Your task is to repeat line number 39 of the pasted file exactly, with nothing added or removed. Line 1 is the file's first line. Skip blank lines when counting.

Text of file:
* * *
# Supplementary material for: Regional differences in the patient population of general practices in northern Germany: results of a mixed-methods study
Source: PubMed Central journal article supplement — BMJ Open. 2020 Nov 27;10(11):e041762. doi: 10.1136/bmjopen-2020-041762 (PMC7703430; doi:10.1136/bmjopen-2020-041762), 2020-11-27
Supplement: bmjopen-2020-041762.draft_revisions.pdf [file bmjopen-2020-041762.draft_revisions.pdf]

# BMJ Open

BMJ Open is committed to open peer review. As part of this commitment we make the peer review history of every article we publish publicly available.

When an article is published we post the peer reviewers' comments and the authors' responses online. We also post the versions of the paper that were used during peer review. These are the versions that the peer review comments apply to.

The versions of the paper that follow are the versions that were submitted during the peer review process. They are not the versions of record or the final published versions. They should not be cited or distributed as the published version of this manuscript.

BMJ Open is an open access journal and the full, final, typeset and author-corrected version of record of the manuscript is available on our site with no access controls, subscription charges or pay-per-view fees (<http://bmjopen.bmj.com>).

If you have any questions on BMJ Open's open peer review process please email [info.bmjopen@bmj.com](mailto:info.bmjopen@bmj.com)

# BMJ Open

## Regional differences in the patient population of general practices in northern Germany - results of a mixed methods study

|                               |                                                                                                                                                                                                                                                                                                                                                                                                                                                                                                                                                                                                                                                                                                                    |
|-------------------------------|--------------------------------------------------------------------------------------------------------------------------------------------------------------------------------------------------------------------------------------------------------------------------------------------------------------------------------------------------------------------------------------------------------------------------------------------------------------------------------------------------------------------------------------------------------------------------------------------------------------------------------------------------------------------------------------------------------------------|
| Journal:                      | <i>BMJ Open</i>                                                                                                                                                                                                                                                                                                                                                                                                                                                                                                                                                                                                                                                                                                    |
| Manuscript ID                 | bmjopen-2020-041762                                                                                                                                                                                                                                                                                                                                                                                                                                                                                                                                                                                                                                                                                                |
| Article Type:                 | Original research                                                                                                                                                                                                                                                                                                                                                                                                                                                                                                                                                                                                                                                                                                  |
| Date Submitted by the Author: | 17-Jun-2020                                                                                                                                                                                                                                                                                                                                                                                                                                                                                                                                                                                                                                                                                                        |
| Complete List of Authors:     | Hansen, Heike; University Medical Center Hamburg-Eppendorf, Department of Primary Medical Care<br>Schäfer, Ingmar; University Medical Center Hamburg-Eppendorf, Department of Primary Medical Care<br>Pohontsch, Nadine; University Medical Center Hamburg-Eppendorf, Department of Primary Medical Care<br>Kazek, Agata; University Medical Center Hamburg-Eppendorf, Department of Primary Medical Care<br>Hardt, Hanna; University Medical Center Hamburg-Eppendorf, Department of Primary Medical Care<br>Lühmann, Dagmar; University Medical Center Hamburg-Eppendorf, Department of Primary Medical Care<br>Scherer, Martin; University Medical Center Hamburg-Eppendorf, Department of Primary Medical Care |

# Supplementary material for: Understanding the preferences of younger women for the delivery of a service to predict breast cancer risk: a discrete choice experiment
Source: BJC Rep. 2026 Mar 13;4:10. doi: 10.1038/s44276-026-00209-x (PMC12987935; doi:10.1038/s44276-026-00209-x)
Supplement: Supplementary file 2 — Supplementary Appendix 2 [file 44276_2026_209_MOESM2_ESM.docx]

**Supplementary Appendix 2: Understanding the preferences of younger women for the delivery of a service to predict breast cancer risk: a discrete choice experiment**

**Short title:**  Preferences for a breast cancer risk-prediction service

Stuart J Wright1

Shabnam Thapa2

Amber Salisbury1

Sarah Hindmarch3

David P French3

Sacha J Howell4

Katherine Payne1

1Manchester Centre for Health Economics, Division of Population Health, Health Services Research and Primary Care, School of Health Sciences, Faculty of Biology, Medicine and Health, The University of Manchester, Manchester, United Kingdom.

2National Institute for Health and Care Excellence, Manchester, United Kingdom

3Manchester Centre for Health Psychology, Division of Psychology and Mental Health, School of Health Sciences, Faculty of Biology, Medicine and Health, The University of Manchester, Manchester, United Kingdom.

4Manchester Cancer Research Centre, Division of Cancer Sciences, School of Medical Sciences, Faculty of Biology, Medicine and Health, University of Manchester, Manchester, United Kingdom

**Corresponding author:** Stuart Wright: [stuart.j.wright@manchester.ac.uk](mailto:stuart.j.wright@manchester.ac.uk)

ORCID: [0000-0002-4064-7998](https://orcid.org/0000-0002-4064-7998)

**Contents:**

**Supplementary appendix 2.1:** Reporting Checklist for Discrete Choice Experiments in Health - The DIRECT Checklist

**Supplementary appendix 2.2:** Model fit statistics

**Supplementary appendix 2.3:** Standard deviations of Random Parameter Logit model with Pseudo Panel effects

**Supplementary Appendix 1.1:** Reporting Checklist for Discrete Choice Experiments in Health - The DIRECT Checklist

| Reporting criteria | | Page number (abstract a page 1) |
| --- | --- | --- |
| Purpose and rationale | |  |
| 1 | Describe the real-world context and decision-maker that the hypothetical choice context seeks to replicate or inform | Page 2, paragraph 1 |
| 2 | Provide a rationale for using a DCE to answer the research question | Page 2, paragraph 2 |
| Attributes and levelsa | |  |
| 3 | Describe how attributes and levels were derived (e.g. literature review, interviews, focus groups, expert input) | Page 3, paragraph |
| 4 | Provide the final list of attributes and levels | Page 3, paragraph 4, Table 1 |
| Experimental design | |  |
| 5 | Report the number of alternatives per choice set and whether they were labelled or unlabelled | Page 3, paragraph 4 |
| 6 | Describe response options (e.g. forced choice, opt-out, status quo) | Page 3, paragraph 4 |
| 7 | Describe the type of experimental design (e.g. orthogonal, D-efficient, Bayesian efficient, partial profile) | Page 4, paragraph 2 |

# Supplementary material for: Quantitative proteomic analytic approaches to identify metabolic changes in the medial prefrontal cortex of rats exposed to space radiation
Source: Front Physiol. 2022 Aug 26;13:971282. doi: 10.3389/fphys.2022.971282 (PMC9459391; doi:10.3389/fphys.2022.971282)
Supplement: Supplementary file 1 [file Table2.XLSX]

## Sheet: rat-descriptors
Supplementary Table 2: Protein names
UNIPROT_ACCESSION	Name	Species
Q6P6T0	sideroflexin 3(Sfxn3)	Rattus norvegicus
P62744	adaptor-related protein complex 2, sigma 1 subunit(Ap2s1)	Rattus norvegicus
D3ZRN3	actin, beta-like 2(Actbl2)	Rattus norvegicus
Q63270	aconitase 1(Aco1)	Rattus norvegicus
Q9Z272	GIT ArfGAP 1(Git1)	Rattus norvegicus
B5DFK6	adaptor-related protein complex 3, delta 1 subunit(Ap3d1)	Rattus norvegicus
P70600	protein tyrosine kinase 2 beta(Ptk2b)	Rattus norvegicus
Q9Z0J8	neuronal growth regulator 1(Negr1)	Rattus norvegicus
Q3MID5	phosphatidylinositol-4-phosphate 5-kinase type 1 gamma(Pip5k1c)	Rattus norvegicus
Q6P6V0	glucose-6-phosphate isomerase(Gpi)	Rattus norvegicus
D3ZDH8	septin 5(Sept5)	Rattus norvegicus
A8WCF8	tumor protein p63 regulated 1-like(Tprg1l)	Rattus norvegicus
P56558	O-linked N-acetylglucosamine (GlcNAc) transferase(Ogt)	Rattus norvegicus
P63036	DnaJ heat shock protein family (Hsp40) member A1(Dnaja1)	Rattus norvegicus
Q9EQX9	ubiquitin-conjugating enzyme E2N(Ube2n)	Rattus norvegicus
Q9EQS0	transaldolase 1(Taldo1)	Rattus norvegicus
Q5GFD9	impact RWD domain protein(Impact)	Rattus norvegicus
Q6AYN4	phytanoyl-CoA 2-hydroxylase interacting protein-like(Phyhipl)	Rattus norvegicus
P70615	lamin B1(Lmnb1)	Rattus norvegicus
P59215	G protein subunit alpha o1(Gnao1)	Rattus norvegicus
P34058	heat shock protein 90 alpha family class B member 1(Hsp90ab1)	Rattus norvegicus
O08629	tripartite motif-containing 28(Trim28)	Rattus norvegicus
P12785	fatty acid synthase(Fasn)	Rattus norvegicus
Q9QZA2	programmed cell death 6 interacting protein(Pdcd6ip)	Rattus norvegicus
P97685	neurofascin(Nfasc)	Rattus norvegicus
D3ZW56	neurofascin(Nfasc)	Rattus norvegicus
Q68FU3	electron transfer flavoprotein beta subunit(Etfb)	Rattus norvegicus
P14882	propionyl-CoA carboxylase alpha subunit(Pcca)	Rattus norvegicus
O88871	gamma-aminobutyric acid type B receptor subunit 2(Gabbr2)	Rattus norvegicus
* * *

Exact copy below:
**Supplementary appendix 2.2:** Model fit statistics